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Title:Evolutionary dynamics of the hominin pelvis
Author(s):Grabowski, Mark
Director of Research:Roseman, Charles C.
Doctoral Committee Chair(s):Roseman, Charles C.
Doctoral Committee Member(s):Polk, John D.; Leigh, Steven R.; Konigsberg, Lyle W.
Department / Program:Anthropology
Degree Granting Institution:University of Illinois at Urbana-Champaign
evolutionary theory
evolutionary morphology
Abstract:As the pelvis is at the intersection of two distinctly human traits - efficient habitual bipedalism and a birth canal that allows for passage of a relatively large-brained neonate - it is arguably uniquely important for understanding our evolution. Most previous studies of pelvic evolution, and paleoanthropology in general, use interspecific morphological comparisons among extant and extinct primates to make inferences as to the behavior, phylogenetic relationships, and selective pressures that resulted in observed changes. While the findings of these studies have yielded many fundamental insights on human evolution, the differences seen in these comparisons are the pattern, rather than the process, of evolution. As such, the particulars of the evolutionary dynamics that underlie morphological change are generally unknown. This study attempts to fill that void by applying evolutionary quantitative genetic theory and methods to the study of hominin pelvic evolution. There are three sets of results. First, stepping back from paleoanthropological issues, this study explores the effects of sample size and transformations on the statistics that form the backbone of the analyses to follow. These statistics are interpreted in the light of what they mean biologically rather than merely statistically, with an emphasis on taking a measurement theory approach to understanding the links between data and reality. In addition, this analysis provides recommendations to future researchers with regards to experimental design. Second, this study explores the role of selection in changing not the just trait means but the genetic relationships between traits, revealed in patterns of integration. Integration between traits is fundamental to evolution as such relationships can bias and constrain evolutionary trajectories. In addition, as evidence suggests that patterns of integration can evolve in response to selection, comparisons of these patterns could provide a new source of information to complement fossil analyses. The results are the first to demonstrate that changes in the pattern of interrelationships among traits (integration) in the hip bone have occurred during hominin evolution, that the human hip is less evolutionarily constrained than that of other great apes, that the changes in the human pattern of integration could have facilitated the transition between a pre-hominin and hominin pelvic morphology, and that these changes in integration are likely to be related to the evolution of bipedalism. Third, this study addresses one of the classic issues in paleoanthropology: what is the ultimate cause of the dangers and difficulties experienced during modern human birth? Though hypotheses relating evolutionary constraints on hominin obstetric dimensions to bipedal function have been proposed, the role of genetic constraints in reducing the ability of the birth canal to respond to selection has not been previously explored. The results of this study show that genetic constraints among obstetric traits and between obstetric and other pelvic traits can negatively influence the evolutionary potential of the human birth canal, but there is a significant reduction in these constraints in humans, and likely other later hominins, when compared to other apes. These findings suggest that natural selection for increased obstetric dimensions in later hominins reduced ancestral hominoid genetic constraints on the birth canal, allowing for morphological evolution along a trajectory that might have previously been difficult or impossible to traverse. In total, the results presented here suggest that natural selection led to the evolution of hominin integration patterns in a way that permitted and facilitated the complex morphological changes that serve to distinguish our lineage from that of the other great apes.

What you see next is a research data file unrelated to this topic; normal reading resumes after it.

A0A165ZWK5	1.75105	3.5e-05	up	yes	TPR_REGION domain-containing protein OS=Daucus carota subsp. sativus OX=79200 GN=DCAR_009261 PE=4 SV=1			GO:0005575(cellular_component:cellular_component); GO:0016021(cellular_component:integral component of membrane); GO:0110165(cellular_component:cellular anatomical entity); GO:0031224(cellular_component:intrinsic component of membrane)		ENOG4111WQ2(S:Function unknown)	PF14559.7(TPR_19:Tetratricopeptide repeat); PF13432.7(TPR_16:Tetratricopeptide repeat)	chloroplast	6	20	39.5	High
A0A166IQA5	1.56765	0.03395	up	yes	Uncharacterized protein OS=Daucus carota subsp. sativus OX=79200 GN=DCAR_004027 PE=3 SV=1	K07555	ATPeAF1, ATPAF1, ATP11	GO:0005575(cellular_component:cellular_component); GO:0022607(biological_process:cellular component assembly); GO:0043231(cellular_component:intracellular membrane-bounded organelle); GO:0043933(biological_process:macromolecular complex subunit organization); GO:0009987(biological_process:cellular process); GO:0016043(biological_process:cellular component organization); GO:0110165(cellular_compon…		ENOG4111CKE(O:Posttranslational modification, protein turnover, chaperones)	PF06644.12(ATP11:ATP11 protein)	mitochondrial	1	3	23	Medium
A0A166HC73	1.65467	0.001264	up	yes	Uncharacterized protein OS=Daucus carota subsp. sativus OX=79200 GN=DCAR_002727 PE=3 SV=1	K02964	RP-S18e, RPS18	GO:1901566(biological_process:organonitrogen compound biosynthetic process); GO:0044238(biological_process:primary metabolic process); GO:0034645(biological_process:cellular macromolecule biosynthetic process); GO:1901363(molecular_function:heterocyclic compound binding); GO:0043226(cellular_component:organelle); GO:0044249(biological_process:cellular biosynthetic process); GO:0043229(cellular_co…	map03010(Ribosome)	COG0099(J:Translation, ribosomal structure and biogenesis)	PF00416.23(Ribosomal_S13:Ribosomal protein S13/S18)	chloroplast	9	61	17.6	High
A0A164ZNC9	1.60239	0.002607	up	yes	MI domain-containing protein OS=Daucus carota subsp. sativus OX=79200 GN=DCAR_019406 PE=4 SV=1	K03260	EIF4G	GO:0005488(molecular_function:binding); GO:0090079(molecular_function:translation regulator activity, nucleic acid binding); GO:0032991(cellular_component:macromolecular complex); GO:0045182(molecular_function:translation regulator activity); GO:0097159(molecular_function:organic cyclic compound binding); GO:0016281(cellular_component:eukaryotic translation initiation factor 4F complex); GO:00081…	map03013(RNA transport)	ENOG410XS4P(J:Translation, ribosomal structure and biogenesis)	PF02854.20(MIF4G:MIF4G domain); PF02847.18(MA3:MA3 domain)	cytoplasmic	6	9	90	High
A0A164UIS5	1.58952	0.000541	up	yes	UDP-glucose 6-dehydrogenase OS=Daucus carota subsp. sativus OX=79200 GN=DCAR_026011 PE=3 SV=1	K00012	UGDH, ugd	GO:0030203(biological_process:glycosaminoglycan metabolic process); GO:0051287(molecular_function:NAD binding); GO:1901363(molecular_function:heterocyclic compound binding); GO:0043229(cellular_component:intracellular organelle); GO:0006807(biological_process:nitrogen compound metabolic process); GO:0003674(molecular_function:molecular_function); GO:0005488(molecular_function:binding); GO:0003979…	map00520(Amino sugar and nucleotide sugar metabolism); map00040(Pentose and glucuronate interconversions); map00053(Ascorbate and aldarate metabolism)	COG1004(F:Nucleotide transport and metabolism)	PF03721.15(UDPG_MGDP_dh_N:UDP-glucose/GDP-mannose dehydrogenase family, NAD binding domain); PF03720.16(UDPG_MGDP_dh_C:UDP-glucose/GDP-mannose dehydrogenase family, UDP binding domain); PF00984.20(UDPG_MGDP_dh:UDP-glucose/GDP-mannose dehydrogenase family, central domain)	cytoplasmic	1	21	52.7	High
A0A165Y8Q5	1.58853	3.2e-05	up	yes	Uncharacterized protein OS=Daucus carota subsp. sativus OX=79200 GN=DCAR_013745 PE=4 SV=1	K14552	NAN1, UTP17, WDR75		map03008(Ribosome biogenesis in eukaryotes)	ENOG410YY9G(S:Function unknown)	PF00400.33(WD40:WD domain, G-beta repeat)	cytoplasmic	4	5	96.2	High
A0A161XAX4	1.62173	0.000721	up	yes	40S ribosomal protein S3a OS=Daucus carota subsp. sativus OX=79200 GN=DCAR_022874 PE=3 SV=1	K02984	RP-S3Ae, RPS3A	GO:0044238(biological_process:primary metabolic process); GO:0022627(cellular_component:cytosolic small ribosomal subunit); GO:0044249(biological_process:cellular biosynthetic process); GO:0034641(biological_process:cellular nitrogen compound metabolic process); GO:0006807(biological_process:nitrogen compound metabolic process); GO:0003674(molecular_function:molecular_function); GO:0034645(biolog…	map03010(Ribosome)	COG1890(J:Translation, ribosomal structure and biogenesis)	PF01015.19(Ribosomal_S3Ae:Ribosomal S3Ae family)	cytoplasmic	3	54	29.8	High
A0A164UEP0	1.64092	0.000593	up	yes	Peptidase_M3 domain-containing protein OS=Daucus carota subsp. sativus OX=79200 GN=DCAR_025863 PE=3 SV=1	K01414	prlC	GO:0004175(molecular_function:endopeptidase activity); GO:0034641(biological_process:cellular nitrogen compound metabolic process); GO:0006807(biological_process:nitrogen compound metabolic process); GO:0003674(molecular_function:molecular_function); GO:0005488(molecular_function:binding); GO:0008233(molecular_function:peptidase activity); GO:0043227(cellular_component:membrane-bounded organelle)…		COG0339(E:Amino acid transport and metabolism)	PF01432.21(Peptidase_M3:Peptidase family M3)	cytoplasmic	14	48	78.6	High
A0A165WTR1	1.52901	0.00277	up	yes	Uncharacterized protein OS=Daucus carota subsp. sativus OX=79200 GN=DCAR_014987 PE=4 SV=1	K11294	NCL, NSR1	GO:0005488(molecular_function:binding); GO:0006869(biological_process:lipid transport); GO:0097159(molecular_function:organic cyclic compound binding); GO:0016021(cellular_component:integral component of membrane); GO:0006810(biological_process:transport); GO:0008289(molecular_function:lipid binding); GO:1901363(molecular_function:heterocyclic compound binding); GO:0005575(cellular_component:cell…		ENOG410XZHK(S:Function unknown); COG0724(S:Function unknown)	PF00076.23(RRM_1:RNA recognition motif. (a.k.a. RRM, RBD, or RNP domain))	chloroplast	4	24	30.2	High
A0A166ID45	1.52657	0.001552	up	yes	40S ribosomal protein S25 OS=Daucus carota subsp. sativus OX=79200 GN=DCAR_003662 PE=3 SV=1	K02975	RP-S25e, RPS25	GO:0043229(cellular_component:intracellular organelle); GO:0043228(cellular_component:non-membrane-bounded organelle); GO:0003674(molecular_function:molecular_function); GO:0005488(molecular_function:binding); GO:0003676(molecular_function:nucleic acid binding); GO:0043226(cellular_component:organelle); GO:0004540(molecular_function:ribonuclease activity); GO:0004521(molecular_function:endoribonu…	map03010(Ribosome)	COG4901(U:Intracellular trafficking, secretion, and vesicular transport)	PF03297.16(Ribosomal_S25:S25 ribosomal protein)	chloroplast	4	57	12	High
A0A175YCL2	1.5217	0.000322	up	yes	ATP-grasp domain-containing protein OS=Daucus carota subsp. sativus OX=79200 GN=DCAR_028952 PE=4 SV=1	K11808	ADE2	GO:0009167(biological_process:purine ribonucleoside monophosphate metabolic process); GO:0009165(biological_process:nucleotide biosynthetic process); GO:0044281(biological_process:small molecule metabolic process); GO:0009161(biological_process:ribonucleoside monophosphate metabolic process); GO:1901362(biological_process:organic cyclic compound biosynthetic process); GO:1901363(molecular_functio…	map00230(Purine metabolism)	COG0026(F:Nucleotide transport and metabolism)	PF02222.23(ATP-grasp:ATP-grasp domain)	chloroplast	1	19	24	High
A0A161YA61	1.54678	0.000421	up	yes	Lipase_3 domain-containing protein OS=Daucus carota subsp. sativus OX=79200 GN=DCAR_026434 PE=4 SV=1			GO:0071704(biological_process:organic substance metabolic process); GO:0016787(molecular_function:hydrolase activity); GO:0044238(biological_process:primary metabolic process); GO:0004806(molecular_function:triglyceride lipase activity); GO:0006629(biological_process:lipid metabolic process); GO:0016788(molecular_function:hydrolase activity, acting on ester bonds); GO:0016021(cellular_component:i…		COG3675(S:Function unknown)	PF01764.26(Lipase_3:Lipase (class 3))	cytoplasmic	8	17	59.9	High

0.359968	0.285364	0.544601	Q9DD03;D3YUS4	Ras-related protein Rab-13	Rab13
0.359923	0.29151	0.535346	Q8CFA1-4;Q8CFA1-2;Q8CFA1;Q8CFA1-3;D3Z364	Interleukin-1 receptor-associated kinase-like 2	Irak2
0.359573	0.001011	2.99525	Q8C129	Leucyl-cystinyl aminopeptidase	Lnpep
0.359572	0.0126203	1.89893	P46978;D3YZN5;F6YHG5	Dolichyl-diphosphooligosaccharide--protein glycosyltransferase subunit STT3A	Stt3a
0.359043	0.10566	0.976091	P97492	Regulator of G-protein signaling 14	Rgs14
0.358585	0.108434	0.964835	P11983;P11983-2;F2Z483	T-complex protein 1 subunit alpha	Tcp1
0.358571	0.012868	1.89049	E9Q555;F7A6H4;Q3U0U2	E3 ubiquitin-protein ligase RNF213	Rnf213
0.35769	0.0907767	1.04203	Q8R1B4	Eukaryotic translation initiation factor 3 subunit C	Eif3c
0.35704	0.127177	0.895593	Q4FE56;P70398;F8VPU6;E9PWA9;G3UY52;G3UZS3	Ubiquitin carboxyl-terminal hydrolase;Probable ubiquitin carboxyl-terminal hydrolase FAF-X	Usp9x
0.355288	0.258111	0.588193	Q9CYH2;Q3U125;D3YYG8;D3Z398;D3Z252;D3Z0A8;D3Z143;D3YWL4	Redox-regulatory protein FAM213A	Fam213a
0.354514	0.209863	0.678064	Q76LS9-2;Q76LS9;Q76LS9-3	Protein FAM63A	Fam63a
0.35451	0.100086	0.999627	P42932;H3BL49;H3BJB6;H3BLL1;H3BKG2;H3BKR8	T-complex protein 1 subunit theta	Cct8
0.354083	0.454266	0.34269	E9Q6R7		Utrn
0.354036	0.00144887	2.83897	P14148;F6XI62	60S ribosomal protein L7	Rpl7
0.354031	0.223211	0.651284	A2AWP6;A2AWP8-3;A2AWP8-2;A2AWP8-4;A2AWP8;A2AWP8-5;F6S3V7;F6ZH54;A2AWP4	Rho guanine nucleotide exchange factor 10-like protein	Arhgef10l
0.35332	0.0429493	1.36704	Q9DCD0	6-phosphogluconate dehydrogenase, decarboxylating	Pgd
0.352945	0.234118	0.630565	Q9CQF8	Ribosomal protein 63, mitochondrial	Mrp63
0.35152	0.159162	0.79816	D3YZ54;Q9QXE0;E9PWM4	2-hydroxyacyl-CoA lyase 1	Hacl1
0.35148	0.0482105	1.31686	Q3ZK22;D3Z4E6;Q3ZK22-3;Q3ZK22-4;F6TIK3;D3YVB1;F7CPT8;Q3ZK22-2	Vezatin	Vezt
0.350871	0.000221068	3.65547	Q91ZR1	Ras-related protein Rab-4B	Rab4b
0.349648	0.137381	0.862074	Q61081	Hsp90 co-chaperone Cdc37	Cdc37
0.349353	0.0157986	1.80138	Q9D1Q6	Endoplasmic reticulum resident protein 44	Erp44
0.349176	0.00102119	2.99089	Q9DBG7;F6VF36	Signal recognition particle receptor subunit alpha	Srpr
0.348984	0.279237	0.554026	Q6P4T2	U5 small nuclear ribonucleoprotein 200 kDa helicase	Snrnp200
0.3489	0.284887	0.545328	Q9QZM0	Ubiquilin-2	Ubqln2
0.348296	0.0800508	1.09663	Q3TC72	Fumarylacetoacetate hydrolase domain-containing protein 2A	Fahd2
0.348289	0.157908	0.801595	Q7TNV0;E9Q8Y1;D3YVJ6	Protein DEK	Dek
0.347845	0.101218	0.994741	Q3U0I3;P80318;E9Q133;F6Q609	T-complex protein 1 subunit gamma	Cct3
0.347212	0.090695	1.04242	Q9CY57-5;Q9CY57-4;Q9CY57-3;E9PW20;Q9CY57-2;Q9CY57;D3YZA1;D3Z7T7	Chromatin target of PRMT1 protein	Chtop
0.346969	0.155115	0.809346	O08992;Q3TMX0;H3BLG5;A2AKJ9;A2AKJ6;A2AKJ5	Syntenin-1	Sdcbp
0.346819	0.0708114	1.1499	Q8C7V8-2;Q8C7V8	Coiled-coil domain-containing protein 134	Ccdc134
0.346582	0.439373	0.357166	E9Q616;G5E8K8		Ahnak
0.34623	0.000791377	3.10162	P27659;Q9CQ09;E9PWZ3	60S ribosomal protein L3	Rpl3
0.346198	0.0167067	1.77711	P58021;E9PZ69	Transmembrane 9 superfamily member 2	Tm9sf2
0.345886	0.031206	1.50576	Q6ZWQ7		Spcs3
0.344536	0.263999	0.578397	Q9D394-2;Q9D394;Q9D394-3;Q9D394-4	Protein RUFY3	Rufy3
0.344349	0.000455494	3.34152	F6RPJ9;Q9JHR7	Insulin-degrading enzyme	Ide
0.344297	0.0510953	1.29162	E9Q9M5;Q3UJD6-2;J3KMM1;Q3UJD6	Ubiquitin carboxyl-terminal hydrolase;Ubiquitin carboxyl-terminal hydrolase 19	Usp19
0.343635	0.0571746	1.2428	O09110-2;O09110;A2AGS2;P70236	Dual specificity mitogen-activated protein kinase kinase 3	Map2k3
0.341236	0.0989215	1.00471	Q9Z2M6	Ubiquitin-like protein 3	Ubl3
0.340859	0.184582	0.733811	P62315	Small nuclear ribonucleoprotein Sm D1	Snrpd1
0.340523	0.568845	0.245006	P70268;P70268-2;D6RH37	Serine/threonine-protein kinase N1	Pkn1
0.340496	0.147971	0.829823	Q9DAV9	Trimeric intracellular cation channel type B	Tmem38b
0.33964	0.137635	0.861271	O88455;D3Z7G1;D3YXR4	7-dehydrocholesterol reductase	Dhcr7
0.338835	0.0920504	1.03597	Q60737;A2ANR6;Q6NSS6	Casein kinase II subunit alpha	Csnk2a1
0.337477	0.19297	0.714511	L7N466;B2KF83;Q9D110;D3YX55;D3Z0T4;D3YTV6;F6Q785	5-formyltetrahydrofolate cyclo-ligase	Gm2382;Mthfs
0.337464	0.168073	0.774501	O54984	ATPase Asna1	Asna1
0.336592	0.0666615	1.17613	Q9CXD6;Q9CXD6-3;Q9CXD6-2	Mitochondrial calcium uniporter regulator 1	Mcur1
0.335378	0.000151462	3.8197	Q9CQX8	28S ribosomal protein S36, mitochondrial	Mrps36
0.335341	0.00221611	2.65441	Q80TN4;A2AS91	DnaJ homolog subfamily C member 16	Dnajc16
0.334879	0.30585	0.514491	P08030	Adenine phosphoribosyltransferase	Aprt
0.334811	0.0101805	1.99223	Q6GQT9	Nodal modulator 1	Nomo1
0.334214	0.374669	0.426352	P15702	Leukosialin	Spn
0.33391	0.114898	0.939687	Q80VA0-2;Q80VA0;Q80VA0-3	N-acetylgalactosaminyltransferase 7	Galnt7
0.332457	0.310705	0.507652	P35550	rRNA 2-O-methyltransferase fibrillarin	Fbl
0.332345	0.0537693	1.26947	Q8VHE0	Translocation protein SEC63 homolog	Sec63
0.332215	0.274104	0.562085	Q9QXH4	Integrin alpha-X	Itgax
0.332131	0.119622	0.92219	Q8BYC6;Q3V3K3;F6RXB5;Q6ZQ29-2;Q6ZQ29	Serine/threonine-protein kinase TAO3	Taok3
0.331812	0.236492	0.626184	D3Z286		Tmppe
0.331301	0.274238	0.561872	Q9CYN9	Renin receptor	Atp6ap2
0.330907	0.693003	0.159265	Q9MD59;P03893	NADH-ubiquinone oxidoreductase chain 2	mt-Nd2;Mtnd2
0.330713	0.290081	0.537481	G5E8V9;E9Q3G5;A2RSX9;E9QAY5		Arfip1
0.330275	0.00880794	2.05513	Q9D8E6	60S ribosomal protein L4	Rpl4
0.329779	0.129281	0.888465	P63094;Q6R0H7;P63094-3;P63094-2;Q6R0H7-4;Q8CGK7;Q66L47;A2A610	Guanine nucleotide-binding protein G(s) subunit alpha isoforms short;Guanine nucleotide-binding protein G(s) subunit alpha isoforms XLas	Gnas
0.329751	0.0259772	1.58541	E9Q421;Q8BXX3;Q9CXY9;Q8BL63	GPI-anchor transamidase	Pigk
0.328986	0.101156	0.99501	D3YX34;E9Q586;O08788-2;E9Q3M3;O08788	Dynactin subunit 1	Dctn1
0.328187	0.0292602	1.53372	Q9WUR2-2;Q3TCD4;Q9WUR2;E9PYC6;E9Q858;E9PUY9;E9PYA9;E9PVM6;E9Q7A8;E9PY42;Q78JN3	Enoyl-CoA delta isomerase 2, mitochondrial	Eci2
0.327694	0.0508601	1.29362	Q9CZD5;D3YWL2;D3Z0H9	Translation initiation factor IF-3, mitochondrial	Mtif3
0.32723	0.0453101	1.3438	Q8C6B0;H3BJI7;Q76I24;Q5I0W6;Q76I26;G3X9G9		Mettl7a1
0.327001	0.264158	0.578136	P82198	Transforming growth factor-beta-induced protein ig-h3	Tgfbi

Issue Date:2012-09-18
Rights Information:Copyright 2012 Mark Grabowski
Date Available in IDEALS:2012-09-18
Date Deposited:2012-08

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